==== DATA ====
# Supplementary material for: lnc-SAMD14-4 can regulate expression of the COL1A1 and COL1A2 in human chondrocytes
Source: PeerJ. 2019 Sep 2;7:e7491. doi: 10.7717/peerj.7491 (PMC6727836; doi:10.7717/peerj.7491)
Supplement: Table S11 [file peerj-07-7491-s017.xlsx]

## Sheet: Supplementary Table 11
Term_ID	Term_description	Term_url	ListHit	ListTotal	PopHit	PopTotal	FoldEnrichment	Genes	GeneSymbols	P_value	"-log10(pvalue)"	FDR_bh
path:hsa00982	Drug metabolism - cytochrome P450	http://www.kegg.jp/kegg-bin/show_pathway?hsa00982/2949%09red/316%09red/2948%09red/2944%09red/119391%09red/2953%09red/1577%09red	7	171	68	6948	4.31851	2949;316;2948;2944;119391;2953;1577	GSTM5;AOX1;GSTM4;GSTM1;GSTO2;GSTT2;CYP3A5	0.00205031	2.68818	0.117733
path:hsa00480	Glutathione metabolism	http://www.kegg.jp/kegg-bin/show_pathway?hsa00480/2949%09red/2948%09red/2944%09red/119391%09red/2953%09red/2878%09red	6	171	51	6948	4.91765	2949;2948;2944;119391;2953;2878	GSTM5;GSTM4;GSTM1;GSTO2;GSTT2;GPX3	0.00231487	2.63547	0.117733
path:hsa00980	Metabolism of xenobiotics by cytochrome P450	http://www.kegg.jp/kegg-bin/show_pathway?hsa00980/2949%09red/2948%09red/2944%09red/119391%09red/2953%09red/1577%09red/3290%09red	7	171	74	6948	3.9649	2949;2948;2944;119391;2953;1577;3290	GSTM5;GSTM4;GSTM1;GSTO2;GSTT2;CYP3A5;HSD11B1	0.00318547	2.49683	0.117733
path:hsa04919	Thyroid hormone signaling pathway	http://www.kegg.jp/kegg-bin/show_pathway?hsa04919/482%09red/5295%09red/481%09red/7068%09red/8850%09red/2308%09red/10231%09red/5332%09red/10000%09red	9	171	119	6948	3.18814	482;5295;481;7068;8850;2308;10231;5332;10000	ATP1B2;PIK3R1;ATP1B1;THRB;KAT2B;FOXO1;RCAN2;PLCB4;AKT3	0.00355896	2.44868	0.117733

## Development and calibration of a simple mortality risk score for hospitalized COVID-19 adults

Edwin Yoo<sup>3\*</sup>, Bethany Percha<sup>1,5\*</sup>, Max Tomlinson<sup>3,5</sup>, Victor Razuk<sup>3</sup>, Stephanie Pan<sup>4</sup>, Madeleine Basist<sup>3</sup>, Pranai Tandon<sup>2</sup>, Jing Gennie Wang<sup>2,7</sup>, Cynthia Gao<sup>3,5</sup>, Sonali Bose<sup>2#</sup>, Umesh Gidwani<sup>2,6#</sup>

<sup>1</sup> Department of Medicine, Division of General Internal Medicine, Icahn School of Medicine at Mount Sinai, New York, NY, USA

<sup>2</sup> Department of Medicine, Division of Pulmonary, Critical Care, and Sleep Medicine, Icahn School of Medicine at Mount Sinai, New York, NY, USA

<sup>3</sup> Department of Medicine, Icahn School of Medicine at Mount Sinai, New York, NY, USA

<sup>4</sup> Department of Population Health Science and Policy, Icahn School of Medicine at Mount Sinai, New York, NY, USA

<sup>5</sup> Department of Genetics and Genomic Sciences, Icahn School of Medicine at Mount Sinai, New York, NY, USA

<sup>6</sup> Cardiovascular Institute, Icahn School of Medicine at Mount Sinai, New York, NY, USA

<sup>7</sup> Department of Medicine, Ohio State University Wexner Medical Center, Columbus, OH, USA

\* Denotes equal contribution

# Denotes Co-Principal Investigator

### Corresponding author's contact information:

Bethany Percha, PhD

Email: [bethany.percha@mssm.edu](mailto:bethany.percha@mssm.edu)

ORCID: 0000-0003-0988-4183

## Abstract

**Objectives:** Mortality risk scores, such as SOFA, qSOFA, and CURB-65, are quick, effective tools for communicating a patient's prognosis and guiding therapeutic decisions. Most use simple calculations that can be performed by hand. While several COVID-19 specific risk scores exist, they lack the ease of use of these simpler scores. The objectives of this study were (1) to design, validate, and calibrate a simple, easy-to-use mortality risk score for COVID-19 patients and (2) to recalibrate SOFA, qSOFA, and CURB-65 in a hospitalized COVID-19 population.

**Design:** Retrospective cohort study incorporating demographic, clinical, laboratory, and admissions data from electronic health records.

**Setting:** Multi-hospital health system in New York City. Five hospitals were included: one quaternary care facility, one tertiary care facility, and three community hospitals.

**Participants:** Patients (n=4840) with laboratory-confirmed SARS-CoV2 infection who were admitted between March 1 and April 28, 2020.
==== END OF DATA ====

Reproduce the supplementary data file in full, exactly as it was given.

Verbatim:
# Supplementary material for: lnc-SAMD14-4 can regulate expression of the COL1A1 and COL1A2 in human chondrocytes
Source: PeerJ. 2019 Sep 2;7:e7491. doi: 10.7717/peerj.7491 (PMC6727836; doi:10.7717/peerj.7491)
Supplement: Table S11 [file peerj-07-7491-s017.xlsx]

## Sheet: Supplementary Table 11
Term_ID	Term_description	Term_url	ListHit	ListTotal	PopHit	PopTotal	FoldEnrichment	Genes	GeneSymbols	P_value	"-log10(pvalue)"	FDR_bh
path:hsa00982	Drug metabolism - cytochrome P450	http://www.kegg.jp/kegg-bin/show_pathway?hsa00982/2949%09red/316%09red/2948%09red/2944%09red/119391%09red/2953%09red/1577%09red	7	171	68	6948	4.31851	2949;316;2948;2944;119391;2953;1577	GSTM5;AOX1;GSTM4;GSTM1;GSTO2;GSTT2;CYP3A5	0.00205031	2.68818	0.117733
path:hsa00480	Glutathione metabolism	http://www.kegg.jp/kegg-bin/show_pathway?hsa00480/2949%09red/2948%09red/2944%09red/119391%09red/2953%09red/2878%09red	6	171	51	6948	4.91765	2949;2948;2944;119391;2953;2878	GSTM5;GSTM4;GSTM1;GSTO2;GSTT2;GPX3	0.00231487	2.63547	0.117733
path:hsa00980	Metabolism of xenobiotics by cytochrome P450	http://www.kegg.jp/kegg-bin/show_pathway?hsa00980/2949%09red/2948%09red/2944%09red/119391%09red/2953%09red/1577%09red/3290%09red	7	171	74	6948	3.9649	2949;2948;2944;119391;2953;1577;3290	GSTM5;GSTM4;GSTM1;GSTO2;GSTT2;CYP3A5;HSD11B1	0.00318547	2.49683	0.117733
path:hsa04919	Thyroid hormone signaling pathway	http://www.kegg.jp/kegg-bin/show_pathway?hsa04919/482%09red/5295%09red/481%09red/7068%09red/8850%09red/2308%09red/10231%09red/5332%09red/10000%09red	9	171	119	6948	3.18814	482;5295;481;7068;8850;2308;10231;5332;10000	ATP1B2;PIK3R1;ATP1B1;THRB;KAT2B;FOXO1;RCAN2;PLCB4;AKT3	0.00355896	2.44868	0.117733

## Development and calibration of a simple mortality risk score for hospitalized COVID-19 adults

Edwin Yoo<sup>3\*</sup>, Bethany Percha<sup>1,5\*</sup>, Max Tomlinson<sup>3,5</sup>, Victor Razuk<sup>3</sup>, Stephanie Pan<sup>4</sup>, Madeleine Basist<sup>3</sup>, Pranai Tandon<sup>2</sup>, Jing Gennie Wang<sup>2,7</sup>, Cynthia Gao<sup>3,5</sup>, Sonali Bose<sup>2#</sup>, Umesh Gidwani<sup>2,6#</sup>

<sup>1</sup> Department of Medicine, Division of General Internal Medicine, Icahn School of Medicine at Mount Sinai, New York, NY, USA

<sup>2</sup> Department of Medicine, Division of Pulmonary, Critical Care, and Sleep Medicine, Icahn School of Medicine at Mount Sinai, New York, NY, USA

<sup>3</sup> Department of Medicine, Icahn School of Medicine at Mount Sinai, New York, NY, USA

<sup>4</sup> Department of Population Health Science and Policy, Icahn School of Medicine at Mount Sinai, New York, NY, USA

<sup>5</sup> Department of Genetics and Genomic Sciences, Icahn School of Medicine at Mount Sinai, New York, NY, USA

<sup>6</sup> Cardiovascular Institute, Icahn School of Medicine at Mount Sinai, New York, NY, USA

<sup>7</sup> Department of Medicine, Ohio State University Wexner Medical Center, Columbus, OH, USA

\* Denotes equal contribution

# Denotes Co-Principal Investigator

### Corresponding author's contact information:

Bethany Percha, PhD

Email: [bethany.percha@mssm.edu](mailto:bethany.percha@mssm.edu)

ORCID: 0000-0003-0988-4183

## Abstract

**Objectives:** Mortality risk scores, such as SOFA, qSOFA, and CURB-65, are quick, effective tools for communicating a patient's prognosis and guiding therapeutic decisions. Most use simple calculations that can be performed by hand. While several COVID-19 specific risk scores exist, they lack the ease of use of these simpler scores. The objectives of this study were (1) to design, validate, and calibrate a simple, easy-to-use mortality risk score for COVID-19 patients and (2) to recalibrate SOFA, qSOFA, and CURB-65 in a hospitalized COVID-19 population.

**Design:** Retrospective cohort study incorporating demographic, clinical, laboratory, and admissions data from electronic health records.

**Setting:** Multi-hospital health system in New York City. Five hospitals were included: one quaternary care facility, one tertiary care facility, and three community hospitals.

**Participants:** Patients (n=4840) with laboratory-confirmed SARS-CoV2 infection who were admitted between March 1 and April 28, 2020.